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The 5 Coolest Hacks Of 2012
Nothing was sacred -- the nation's airspace, home power meters, videoconferences, and, in an ironic twist, popular cybercrime tools
5. Videoconference Bugs The Boardroom
Renowned researcher and Metasploit creator HD Moore late last year scanned a snapshot of addressable Internet space in search of high-end videoconferencing systems that might be found in corporate boardrooms. What he found was unnerving: a quarter of a million systems that spoke H.323, the protocol used by videoconferencing systems.
He then used a Metasploit module to call up each server and to connect for just enough time to get the public-handshake packets before disconnecting. "Any machine that accepted a call was set to auto-answer," Moore says. "It was fairly easy to figure out who was vulnerable because if they weren't vulnerable, then they would not have picked up the call."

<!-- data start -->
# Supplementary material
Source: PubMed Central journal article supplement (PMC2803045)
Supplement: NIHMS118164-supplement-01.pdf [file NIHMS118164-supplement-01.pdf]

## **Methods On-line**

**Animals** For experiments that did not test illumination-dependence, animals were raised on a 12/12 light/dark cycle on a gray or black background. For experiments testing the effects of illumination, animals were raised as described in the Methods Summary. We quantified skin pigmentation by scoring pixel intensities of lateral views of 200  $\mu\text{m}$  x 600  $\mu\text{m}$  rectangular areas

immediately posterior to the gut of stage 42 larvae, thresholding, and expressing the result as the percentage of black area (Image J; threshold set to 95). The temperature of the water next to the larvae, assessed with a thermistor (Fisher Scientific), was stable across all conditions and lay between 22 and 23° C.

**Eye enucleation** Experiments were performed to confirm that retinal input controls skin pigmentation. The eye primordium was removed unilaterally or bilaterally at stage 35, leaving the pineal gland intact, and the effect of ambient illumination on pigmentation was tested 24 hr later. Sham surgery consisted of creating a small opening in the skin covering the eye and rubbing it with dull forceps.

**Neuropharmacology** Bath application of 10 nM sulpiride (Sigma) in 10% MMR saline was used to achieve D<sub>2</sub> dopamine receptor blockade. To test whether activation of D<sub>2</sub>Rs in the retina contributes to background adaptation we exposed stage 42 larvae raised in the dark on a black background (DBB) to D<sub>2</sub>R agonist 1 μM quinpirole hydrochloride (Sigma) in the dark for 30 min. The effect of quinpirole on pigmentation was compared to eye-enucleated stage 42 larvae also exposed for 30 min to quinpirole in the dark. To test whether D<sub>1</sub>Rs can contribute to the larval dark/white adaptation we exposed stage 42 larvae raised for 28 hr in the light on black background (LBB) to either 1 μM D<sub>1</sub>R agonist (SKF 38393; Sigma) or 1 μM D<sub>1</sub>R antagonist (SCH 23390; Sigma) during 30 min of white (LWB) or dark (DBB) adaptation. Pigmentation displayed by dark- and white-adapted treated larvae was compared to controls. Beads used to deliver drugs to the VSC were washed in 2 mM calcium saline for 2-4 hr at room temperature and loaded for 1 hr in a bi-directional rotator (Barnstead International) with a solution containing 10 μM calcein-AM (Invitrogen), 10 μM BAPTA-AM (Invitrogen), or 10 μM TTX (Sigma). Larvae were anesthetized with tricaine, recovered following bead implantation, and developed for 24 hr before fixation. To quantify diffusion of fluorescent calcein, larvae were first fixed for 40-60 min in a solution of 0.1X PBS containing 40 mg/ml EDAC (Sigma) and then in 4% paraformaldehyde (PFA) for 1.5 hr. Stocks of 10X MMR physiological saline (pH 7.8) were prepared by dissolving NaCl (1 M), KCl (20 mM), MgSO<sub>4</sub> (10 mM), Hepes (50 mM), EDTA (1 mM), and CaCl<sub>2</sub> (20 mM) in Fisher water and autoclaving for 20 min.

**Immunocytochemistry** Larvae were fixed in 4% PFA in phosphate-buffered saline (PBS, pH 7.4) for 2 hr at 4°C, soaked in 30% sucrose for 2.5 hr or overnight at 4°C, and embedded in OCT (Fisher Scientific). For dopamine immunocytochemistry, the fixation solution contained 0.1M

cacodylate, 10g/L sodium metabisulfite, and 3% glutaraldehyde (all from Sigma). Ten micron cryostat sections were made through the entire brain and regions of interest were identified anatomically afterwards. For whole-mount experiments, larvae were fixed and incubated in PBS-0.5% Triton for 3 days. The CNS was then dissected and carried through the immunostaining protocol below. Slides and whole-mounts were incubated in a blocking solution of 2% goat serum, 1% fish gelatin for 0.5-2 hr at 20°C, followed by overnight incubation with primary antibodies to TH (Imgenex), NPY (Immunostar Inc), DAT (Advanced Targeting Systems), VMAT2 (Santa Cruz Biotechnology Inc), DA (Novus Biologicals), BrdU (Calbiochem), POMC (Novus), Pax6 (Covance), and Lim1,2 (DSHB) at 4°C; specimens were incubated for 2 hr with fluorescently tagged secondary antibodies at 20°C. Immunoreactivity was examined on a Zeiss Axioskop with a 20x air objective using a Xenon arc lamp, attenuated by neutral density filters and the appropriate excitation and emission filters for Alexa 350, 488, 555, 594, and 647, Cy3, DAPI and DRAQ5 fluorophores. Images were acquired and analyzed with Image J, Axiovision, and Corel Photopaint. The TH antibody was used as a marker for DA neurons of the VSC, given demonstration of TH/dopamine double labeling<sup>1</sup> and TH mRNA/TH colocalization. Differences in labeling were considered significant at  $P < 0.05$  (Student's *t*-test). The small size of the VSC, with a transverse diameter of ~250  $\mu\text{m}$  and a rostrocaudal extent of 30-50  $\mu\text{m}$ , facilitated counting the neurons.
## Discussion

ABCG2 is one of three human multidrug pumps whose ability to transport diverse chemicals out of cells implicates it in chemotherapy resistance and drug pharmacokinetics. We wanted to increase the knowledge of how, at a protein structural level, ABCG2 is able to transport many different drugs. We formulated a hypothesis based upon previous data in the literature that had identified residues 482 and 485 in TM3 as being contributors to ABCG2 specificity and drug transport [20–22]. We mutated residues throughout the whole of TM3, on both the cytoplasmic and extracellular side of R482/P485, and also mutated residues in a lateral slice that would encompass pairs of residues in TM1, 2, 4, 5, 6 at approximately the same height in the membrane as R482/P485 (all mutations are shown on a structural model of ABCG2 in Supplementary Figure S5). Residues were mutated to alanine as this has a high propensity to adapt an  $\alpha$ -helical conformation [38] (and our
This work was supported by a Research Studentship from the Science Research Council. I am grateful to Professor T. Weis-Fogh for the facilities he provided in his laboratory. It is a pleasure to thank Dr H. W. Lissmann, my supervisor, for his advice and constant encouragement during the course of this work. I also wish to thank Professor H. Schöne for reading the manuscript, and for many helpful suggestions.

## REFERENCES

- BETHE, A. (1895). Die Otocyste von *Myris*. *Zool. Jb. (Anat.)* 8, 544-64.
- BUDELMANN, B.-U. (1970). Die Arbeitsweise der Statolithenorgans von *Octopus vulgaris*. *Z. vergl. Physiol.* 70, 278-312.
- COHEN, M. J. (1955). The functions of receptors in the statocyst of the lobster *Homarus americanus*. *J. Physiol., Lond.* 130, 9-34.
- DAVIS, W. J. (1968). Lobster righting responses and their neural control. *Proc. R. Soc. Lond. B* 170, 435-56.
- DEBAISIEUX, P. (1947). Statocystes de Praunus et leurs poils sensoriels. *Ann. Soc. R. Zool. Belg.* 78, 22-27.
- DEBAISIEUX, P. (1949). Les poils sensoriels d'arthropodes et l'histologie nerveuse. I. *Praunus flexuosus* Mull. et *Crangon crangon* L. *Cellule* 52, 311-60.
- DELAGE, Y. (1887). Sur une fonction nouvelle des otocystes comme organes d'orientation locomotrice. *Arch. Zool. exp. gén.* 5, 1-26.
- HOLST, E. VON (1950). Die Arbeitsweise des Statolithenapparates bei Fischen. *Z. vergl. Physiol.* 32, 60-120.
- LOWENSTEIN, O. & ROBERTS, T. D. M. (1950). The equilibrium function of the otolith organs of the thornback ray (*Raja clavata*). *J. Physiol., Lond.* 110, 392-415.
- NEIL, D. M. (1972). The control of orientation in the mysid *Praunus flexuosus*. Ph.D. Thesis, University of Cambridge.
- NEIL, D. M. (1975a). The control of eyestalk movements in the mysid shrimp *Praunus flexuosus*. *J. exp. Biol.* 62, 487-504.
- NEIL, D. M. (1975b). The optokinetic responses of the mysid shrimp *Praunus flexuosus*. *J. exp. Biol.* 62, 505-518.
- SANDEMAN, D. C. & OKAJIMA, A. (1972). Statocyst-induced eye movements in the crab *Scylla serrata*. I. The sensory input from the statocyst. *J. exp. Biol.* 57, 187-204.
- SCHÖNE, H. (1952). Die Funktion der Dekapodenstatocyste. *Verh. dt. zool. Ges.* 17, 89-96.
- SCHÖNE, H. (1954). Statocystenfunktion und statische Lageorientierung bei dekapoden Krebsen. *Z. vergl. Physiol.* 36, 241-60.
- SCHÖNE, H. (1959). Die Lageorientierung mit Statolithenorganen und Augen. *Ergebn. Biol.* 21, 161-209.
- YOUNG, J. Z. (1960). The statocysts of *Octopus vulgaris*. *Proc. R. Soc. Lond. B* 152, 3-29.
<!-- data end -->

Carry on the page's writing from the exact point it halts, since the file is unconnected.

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Moore and Rapid 7 CEO Mike Tuchen were then able to pinpoint some 5,000 videoconferencing systems that auto-answered the calls. That means those systems could be abused by an external hacker who could surreptitiously join the videoconference, record video, and read email from a laptop screen of one of the attendees -- something Rapid 7 simulated in its lab.
"What made this interesting is that you are only going to find places that can afford $25,000 videoconferencing systems, so it's a pretty self-selecting set of targets," Moore says.
Moore and his fellow researchers found mostly Polycom videoconferencing systems, most of which ship with auto-answer on by default.
[Evil insulin pumps and laptop batteries, war texting, and a 'tween' hacker captured our imagination -- and our attention. See The 7 Coolest Hacks Of 2011.]
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